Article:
If Dating Around Feels So Real, It’s Because It (Mostly) Is

Photo: Courtesy of Netflix.
In some ways, Dating Around is the antithesis to Netflix’s other dating shows. Contestants on Love is Blind can’t see each other; couples on Too Hot to Handle can’t touch. Dating Around, however, has a more straightforward premise: participants embark on five first dates, then choose one suitor to ask on a second. Without a major cash prize or pressure to propose after a certain number of weeks, the stakes are pretty low — and the first dates look all too real, rife with awkward pauses and jokes that don’t always land.
Other than very brief introductions to each episode lead, Dating Around doesn’t feature any voice-overs, confessionals, or interviews. There’s also no Chris Harrison or Nick Lachey recapping the show’s rules and interacting with the daters. (Or, you know, flying to Alabama in an attempt to reunite a pair that went their separate ways.) Basically, the team behind Dating Around aimed to create a dating show grounded in reality, so it should come as no surprise that it’s almost entirely unscripted.
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According to co-creator Paul Franklin, the producers choose each dater’s potential matches and plan the dates, but from there, the interactions unfold naturally — or, at least, as naturally as they can in front of all those cameras. “We set the stage. We cast the people,” Franklin told Refinery29. “But what’s going to happen? It's like, we’re in the car, but we’re not holding onto the steering wheel.” Season 1 contestant Gurki Basra seconded Franklin’s comments, calling the blind dates “100% REAL” on Instagram.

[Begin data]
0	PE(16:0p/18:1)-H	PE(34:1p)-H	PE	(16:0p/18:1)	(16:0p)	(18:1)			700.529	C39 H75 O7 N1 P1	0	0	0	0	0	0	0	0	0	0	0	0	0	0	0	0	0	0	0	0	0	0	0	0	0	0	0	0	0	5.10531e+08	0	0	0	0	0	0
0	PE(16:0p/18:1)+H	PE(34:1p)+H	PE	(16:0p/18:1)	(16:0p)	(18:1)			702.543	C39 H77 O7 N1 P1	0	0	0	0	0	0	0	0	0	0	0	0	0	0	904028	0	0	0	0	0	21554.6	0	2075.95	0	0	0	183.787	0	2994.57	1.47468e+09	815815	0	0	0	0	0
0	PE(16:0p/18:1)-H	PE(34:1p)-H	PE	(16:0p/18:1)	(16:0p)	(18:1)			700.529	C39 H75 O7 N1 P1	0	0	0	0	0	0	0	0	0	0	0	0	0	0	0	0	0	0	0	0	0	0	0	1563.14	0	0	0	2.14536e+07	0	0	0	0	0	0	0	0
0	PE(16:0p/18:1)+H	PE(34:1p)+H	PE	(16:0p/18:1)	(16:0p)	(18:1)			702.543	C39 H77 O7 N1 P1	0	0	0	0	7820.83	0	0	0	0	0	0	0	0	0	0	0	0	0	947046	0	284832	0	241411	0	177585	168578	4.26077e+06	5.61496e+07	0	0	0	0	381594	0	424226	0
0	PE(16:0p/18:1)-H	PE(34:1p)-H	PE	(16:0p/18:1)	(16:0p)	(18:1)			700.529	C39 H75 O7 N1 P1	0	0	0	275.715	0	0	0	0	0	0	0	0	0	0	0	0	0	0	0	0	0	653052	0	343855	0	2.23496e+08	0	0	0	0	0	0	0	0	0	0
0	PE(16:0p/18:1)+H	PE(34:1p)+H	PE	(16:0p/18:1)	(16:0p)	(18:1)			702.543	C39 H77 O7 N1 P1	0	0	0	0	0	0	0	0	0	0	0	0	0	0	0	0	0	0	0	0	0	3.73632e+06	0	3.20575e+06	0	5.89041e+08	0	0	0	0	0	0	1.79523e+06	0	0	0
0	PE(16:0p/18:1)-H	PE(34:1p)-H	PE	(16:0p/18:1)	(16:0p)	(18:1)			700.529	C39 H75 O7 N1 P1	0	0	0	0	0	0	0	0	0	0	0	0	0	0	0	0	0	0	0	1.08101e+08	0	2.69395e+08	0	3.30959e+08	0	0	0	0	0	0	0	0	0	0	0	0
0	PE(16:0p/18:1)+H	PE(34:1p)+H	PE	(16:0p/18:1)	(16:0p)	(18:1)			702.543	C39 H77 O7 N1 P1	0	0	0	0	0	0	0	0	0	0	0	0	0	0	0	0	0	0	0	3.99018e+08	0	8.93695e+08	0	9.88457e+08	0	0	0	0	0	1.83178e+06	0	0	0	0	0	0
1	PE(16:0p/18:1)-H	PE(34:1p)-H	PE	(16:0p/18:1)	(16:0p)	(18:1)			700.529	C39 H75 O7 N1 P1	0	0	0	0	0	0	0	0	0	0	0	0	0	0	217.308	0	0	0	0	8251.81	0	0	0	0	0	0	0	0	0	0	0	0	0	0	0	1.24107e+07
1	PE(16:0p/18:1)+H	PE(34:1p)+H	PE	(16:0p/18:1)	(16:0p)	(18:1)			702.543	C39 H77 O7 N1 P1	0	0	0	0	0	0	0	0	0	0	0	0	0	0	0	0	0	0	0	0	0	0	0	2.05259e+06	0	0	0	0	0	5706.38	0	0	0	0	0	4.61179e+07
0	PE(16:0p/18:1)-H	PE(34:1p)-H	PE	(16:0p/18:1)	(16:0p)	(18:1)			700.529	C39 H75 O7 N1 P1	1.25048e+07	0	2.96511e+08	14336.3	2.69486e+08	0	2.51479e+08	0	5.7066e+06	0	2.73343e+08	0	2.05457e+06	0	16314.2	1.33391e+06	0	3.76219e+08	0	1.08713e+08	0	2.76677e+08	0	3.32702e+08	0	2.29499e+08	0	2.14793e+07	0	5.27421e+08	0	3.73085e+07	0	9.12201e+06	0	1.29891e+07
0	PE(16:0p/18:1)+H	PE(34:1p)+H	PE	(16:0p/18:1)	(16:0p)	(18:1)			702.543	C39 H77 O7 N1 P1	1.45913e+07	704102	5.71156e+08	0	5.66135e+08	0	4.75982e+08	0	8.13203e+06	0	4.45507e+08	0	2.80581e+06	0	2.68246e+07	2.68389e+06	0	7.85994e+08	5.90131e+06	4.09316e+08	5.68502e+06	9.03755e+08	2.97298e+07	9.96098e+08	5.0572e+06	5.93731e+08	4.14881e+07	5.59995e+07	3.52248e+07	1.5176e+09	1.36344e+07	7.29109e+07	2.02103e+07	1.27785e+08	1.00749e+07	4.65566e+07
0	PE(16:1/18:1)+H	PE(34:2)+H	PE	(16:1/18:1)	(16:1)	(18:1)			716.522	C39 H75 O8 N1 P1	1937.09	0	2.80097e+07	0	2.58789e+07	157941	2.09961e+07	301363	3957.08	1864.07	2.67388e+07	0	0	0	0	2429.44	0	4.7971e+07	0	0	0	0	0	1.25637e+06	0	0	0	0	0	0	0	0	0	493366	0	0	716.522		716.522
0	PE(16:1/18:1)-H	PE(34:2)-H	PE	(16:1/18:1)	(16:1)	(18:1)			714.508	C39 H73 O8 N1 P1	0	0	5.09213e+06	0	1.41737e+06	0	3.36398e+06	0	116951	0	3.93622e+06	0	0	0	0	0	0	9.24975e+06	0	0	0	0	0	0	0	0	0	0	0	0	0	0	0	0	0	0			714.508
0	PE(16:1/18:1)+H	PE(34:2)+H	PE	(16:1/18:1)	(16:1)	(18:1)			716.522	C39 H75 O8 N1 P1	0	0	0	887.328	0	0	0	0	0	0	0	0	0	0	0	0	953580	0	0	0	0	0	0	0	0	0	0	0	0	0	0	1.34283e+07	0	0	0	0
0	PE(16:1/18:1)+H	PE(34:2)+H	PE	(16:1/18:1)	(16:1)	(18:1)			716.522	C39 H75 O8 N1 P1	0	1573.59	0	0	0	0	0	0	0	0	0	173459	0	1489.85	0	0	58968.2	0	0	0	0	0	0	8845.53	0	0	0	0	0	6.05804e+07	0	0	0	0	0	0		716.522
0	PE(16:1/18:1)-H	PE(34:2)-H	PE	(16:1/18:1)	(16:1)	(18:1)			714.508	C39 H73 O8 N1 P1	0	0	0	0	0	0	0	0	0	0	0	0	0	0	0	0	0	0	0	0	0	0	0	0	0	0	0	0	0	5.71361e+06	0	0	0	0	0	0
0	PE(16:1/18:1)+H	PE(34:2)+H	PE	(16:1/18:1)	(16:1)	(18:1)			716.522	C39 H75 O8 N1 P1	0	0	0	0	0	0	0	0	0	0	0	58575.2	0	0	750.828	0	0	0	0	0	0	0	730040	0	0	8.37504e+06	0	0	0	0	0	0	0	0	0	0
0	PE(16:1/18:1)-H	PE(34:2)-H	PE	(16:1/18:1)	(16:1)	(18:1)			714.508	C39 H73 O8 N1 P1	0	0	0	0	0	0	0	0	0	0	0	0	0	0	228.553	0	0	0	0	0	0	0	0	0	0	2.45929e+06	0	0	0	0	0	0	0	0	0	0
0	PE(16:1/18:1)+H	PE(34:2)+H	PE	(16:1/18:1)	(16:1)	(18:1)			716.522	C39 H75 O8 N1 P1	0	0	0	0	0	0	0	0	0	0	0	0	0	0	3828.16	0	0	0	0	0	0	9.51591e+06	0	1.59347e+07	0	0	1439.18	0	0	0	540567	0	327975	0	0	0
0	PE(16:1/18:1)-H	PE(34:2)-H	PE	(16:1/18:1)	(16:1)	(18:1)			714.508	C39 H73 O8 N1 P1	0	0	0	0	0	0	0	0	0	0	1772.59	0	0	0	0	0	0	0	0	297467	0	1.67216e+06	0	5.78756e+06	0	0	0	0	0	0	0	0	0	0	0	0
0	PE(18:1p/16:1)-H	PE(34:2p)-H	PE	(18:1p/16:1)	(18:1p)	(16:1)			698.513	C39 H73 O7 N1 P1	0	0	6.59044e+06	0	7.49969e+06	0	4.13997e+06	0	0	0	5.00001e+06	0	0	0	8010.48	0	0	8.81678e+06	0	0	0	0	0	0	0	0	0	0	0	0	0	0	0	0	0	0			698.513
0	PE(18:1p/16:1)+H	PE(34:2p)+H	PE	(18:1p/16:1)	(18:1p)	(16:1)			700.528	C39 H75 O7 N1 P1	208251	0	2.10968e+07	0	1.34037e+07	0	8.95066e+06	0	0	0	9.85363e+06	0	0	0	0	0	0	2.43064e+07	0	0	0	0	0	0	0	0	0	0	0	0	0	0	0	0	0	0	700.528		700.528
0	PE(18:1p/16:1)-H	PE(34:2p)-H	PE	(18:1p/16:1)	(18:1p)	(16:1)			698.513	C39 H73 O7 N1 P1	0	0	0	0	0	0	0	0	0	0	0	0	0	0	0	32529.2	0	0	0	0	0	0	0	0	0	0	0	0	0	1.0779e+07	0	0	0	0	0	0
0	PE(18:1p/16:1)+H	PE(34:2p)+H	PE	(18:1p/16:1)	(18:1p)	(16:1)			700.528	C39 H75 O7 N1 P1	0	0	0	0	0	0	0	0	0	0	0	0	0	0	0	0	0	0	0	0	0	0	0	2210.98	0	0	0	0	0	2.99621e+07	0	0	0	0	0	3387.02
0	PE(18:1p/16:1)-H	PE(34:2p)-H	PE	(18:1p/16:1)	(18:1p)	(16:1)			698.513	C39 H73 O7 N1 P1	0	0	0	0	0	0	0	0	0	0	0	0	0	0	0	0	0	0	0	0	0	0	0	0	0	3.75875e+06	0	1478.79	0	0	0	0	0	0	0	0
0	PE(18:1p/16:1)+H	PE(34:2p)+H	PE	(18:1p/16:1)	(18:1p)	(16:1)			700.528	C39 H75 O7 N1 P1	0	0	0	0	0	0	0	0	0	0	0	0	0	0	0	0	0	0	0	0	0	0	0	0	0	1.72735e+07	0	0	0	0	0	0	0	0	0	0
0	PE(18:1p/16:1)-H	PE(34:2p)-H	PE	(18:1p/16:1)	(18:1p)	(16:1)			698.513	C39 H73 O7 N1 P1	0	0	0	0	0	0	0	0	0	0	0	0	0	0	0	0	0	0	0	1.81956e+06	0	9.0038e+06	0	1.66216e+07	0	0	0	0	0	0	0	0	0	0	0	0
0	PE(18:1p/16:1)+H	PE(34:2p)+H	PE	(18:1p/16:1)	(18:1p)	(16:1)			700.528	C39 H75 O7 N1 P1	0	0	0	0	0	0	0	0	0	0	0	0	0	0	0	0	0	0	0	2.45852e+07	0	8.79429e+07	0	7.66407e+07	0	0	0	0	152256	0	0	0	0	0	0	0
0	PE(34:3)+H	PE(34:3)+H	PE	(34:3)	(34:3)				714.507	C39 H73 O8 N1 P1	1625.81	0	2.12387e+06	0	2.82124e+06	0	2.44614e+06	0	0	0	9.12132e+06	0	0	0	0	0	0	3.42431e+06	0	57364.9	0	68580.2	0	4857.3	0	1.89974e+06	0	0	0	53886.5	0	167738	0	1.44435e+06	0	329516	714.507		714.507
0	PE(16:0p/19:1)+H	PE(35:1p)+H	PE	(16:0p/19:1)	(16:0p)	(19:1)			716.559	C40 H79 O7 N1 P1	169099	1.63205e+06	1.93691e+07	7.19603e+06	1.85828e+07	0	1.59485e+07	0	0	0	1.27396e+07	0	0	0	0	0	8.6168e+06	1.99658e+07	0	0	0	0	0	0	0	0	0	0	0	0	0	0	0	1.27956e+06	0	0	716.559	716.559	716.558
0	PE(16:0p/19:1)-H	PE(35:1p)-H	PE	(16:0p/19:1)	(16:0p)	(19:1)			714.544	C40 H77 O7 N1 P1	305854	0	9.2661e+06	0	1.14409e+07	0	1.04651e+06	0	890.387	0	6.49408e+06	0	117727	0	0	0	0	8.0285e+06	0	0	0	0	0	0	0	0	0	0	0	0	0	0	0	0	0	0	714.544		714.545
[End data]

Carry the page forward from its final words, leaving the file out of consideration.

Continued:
Another contestant, Lex Liang, also said he would call the show unscripted — but, he added, there wasn’t a complete lack of producer guidance when filming. “While it wasn’t scripted or specifically directed, [the producers] did try to steer it when the ship was off course,” Liang told Time. “At a certain point, I believe the creator took me aside and said, ‘You’re really good at getting information out of your fellow daters. Tell us a little bit more about you and let yourself be a little vulnerable.’”
Though Dating Around isn’t scripted, it is edited as expertly as any other reality show. As showrunner Alycia Rossiter told Bustle, leads only go on one date per day, but wear versions of the same outfit each time, giving the illusion that the dates are happening back to back. And instead of presenting one date at a time, the show weaves them all together, creating a montage of sorts so viewers can compare the pairings side by side — and also laugh at how repetitive first dates can be as contestants repeat the same jokes, questions, and even stories to different people.
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Without talking-head interviews, the show’s team had to get even more creative about editing the episodes. “The producer inside of us at times was just like, ‘Wow, this edit would be so much easier if we just had an interview,’” executive producer Chris Culvenor told Vulture. But, in Rossiter’s words, confessionals don’t feel real.
“It’s just not how life is digested. Confessionals are the way of hearing what’s going on inside somebody’s brain,” she told Bustle. Instead, Rossiter wants Dating Around viewers to feel like they’re hanging out at a local bar or restaurant, casually observing the body language, nervous laughter, and flirty exchanges shared between two people on a first date. For a show from the genre that gave us Champagne Gate, it doesn’t get much more real than that.
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